Mark Twain’s annotations to translations by John Dryden. Photo via NYRB
- The FBI kept a file on James Baldwin that ran to 1,884 pages. What was in it? Reasonably adept criticism, among other things: “The mixed bag of memos, letters, and clippings that composed the typical FBI author file included more than espionage reports … It also included outbursts of literary critical prose, a type of writing judgmental in nature, but always indebted to the prior writing it describes. FBI author files thus qualify as recognizable works of literary commentary, as state-subsidized assessments and interpretations quietly warring with those produced by English professors and less stuffy book reviewers.”
- A new exhibition at the New York Society Library, “Readers Make Their Mark,” collected annotated books from the sixteenth to the twentieth centuries, thus continuing the culture’s growing fascination with marginalia. “Sometimes they are making proclamations about their own books: George Bernard Shaw identifies a printed text of his Too True to be Good as a ‘Provisional Prompt Copy’ for a particular production and calls it ‘Frightfully Private. No Press Agent to be let near it.’ And sometimes—as in the case of an early woman reader who judges the characters in Emma, one by one—they respond to their books in ways that still seem familiar.”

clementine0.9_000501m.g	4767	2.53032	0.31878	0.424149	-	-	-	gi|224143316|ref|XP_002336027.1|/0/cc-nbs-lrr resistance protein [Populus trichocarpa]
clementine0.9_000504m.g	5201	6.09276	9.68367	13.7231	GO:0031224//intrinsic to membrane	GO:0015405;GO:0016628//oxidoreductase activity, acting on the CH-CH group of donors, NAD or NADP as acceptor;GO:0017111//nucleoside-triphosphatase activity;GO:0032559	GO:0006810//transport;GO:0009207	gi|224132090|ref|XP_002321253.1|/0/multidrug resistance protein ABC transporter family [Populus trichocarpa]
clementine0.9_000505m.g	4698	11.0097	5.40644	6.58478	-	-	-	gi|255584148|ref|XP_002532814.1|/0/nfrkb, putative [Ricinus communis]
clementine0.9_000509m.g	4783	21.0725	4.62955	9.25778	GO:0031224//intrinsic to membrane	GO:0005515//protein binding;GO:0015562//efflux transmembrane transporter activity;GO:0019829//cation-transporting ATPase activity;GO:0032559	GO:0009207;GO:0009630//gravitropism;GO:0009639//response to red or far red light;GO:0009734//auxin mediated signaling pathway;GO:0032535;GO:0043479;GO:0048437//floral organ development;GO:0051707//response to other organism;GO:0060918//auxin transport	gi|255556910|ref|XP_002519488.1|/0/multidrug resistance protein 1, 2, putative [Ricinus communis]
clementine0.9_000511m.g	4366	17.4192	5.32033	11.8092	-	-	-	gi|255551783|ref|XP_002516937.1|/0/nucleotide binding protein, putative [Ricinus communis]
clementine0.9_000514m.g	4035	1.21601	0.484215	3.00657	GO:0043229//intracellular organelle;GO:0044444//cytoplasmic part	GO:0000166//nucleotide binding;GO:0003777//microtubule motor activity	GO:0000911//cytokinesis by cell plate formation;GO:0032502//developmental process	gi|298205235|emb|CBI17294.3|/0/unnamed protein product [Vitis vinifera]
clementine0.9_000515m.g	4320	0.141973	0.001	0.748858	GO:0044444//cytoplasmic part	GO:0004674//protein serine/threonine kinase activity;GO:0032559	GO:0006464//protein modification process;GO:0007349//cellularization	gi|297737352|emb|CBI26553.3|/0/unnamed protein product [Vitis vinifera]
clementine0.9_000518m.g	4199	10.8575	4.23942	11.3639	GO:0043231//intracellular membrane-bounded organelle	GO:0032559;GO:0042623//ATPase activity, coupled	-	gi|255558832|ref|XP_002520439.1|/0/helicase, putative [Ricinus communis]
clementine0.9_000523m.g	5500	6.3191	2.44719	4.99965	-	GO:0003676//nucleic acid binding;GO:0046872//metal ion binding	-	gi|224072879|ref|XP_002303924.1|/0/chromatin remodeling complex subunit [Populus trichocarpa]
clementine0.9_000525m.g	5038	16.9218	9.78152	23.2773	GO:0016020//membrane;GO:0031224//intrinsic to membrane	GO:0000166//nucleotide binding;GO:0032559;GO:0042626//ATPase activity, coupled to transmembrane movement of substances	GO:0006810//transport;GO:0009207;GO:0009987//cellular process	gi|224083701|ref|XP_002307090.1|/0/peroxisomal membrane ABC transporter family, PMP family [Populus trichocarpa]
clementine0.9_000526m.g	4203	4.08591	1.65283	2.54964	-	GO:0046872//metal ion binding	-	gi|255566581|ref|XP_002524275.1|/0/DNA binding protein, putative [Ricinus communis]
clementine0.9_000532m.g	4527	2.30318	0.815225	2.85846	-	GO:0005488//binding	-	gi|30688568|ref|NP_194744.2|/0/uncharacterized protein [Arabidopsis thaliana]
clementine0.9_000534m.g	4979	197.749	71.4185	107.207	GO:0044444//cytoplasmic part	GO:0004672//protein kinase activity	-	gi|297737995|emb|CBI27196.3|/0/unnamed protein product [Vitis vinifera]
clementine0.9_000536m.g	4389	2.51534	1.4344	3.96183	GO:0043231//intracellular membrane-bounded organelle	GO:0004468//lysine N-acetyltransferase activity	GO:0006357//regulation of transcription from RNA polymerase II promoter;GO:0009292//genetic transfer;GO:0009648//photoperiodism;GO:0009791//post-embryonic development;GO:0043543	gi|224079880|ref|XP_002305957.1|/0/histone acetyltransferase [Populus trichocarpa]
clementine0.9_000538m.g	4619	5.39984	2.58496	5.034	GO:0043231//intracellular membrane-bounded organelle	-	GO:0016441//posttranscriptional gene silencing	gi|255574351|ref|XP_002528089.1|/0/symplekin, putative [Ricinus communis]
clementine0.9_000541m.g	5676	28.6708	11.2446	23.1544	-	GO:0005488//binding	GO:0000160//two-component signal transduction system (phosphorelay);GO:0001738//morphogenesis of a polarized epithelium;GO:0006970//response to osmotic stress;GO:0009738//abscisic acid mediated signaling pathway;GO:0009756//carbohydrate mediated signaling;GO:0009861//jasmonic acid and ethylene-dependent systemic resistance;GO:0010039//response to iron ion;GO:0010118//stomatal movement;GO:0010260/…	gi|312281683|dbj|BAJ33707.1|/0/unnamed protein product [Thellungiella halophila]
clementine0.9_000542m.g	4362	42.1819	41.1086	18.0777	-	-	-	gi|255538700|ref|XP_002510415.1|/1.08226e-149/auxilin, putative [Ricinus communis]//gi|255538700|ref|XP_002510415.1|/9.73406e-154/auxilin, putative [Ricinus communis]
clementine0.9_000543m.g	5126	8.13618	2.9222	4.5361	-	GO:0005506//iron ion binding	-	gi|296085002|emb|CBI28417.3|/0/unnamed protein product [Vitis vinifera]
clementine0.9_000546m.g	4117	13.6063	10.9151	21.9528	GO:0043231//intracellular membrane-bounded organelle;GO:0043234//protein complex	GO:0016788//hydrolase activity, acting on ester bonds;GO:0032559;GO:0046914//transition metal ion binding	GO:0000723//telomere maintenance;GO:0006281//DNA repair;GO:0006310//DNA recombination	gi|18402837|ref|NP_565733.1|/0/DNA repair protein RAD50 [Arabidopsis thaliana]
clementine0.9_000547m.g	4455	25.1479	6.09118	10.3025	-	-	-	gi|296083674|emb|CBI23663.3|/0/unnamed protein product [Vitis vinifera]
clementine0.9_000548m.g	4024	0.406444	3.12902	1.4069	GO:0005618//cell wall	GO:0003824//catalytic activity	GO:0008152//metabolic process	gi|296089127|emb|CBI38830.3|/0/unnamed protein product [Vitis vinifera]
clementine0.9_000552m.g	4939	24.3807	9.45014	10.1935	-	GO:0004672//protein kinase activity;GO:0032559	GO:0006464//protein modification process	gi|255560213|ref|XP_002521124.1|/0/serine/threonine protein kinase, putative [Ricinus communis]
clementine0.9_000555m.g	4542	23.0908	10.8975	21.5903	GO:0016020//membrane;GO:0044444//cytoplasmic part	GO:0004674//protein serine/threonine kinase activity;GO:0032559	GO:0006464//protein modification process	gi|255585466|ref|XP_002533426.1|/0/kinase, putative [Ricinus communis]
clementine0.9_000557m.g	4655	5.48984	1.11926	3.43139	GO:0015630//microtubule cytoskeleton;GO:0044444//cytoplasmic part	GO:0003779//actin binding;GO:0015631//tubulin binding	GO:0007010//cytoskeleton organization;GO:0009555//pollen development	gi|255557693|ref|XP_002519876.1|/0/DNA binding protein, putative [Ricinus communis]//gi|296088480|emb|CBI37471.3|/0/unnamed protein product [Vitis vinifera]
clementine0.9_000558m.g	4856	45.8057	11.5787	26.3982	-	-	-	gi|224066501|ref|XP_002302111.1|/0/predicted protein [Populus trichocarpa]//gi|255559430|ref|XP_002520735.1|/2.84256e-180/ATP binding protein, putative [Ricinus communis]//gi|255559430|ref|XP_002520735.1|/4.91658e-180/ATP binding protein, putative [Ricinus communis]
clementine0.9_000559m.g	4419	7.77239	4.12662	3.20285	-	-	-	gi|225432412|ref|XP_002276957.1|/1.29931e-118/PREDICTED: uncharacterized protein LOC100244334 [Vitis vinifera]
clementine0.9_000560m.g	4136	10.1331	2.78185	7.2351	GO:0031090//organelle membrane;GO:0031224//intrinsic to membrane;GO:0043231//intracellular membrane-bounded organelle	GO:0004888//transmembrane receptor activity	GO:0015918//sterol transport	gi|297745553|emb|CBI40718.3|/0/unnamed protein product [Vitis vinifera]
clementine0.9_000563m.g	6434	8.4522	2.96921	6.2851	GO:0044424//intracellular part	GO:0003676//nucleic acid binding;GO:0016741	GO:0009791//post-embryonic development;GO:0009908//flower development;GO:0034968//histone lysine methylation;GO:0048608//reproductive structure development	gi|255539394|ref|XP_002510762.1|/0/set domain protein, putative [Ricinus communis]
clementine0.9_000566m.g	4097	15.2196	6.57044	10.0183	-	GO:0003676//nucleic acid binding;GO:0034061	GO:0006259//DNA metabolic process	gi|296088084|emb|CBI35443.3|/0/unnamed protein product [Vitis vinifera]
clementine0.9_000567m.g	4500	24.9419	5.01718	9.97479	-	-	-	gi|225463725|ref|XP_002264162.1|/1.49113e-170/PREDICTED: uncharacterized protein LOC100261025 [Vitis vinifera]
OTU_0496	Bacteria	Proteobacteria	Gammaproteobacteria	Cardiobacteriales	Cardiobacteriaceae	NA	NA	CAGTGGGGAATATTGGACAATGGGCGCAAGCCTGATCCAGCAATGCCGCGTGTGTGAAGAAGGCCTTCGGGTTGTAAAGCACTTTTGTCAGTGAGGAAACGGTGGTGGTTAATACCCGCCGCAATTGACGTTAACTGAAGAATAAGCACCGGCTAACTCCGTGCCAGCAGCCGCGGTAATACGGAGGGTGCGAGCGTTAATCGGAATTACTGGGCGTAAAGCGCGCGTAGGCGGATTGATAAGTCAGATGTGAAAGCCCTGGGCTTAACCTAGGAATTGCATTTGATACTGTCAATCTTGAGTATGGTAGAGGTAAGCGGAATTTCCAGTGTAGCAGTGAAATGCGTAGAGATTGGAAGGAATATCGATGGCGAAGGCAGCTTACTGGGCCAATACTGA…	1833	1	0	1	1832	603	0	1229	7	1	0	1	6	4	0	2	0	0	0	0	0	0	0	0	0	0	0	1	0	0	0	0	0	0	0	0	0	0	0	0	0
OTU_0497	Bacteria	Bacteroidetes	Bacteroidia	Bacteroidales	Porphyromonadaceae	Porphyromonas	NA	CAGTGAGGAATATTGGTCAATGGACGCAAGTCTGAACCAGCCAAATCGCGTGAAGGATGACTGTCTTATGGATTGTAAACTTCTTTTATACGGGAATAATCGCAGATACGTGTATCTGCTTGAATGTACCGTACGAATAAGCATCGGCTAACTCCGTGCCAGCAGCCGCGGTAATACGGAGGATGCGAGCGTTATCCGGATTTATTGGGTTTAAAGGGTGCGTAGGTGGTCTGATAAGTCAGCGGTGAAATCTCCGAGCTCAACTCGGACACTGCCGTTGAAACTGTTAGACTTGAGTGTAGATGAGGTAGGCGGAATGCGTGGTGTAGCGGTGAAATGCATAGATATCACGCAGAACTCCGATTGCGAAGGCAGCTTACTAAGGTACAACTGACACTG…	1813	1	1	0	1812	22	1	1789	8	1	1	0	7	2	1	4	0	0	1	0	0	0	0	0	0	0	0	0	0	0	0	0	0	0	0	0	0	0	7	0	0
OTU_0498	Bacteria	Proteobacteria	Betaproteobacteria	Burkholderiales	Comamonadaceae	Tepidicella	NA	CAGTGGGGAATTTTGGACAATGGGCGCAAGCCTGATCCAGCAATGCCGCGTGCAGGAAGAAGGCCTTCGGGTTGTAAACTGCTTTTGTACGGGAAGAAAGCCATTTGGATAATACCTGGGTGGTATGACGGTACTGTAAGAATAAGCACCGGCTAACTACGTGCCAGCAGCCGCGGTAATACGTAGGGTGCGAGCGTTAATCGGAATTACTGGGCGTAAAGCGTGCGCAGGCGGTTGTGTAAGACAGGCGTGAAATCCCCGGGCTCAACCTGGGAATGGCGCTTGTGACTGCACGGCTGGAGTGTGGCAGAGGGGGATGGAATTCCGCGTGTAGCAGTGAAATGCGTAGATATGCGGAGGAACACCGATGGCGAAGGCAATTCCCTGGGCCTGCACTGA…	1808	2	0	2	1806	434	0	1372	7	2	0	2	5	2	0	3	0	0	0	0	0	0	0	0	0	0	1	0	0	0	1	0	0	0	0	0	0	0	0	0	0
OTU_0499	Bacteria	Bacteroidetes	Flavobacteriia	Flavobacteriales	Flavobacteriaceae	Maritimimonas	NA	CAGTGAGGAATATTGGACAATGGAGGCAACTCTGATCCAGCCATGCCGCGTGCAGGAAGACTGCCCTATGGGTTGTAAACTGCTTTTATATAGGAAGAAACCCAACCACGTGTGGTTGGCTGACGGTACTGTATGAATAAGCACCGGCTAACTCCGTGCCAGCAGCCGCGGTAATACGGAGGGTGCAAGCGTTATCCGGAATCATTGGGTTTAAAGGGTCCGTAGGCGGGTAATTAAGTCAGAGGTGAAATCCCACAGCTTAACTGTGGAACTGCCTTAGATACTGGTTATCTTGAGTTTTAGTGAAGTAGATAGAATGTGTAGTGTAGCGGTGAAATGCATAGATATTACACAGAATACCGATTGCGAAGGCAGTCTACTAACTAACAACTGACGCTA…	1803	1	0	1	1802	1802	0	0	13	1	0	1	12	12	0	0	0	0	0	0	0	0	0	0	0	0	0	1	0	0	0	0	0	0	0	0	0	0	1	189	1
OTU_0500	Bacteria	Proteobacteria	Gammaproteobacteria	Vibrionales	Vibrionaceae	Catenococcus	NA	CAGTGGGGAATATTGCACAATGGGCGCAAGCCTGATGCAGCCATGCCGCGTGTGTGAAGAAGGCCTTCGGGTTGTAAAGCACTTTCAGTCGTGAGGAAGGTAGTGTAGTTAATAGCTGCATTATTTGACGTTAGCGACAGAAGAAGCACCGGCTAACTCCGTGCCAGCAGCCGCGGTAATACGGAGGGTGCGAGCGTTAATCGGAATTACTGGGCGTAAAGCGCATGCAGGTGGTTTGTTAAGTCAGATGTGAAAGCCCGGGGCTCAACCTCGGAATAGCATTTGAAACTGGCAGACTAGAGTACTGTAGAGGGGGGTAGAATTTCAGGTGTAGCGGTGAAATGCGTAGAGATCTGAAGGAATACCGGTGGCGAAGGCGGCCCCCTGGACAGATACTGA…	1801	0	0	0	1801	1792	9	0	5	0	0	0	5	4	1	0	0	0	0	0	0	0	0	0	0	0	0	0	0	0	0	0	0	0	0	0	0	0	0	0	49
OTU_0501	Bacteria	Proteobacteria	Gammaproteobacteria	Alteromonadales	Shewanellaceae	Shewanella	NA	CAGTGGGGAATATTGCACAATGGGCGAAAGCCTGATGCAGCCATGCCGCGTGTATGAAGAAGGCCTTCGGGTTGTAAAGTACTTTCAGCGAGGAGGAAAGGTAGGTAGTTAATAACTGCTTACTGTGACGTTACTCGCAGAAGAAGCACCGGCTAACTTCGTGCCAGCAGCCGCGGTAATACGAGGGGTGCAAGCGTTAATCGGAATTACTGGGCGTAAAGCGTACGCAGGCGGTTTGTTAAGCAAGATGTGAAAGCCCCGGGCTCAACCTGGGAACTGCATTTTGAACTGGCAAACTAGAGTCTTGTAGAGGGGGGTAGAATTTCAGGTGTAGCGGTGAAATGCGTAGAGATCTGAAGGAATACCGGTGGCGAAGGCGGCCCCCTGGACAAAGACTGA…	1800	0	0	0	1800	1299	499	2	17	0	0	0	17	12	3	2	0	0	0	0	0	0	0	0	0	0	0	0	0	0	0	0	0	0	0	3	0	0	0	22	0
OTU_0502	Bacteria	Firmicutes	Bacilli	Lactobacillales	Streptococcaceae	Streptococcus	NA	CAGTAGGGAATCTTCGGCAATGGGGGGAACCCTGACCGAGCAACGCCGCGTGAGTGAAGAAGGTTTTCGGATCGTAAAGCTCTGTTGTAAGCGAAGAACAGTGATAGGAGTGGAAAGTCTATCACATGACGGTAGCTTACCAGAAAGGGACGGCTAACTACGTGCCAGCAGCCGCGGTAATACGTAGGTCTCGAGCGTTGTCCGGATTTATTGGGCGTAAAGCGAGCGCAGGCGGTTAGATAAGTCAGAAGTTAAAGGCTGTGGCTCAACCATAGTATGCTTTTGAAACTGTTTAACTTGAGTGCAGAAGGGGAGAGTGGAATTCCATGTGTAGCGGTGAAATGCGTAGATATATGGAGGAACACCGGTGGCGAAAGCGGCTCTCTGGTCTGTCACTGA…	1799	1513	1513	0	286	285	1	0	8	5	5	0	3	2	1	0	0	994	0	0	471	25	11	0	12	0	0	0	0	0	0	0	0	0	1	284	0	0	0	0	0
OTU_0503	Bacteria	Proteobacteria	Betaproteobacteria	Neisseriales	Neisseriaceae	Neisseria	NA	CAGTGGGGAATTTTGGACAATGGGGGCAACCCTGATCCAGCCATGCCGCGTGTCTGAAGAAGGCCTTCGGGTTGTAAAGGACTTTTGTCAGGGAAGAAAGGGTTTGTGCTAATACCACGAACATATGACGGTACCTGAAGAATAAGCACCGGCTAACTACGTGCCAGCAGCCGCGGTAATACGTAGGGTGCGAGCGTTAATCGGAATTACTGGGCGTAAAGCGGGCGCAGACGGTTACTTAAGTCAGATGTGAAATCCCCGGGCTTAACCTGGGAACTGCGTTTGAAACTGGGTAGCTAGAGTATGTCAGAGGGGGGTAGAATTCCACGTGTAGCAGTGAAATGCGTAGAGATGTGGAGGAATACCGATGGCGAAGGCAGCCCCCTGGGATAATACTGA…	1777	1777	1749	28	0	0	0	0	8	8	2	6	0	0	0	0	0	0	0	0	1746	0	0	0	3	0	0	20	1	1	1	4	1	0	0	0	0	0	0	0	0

- “Let’s get out of here” is one of the most common lines in film—people in movies just love to leave places. “It confers agency on whoever says it. It draws a line under what’s gone before. It propels action. It justifies a change of scene, no matter how abrupt.” But in more contemporary movies, “getting out of here” faces stiff competition from its longtime nemesis, “staying put.” “This emphasis on staying suits our times: The people writing and watching these movies are all part of an introspective, if not isolationist, culture that’s still licking its wounds after plotless wars and a traumatic recession.”
- Is there anything more insufferable than our current predilection for all things twee? “Twee is a symptom of profound cultural exhaustion, a pop-cultural response to the death of grand narratives and radical politics: too weary to fight the corporate capitalist machine, the twee instead create hyper-stylized alternative worlds in which kittens play, ukuleles sound and childhood is eternal. Their basic disposition is melancholy rather than angry, and they will always opt for owl-print wallpaper over kicking against the pricks.”
- I’ve always dreamed of winning an Oscar—I could put it up for auction, I thought, and make a lot of money, and that would be cool. But it turns out that selling your Oscar trophy is a great way to get sued by the Academy. In fact, the Academy thrills to a good lawsuit; they’ve also brought suits against “television shows that use the name ‘Oscar’ (i.e., ‘The Wine Oscars’); a website that predicts Oscar winners; and a chocolate-maker who produced Oscar-shaped candies.” Next up: people named Oscar, or people related to those people.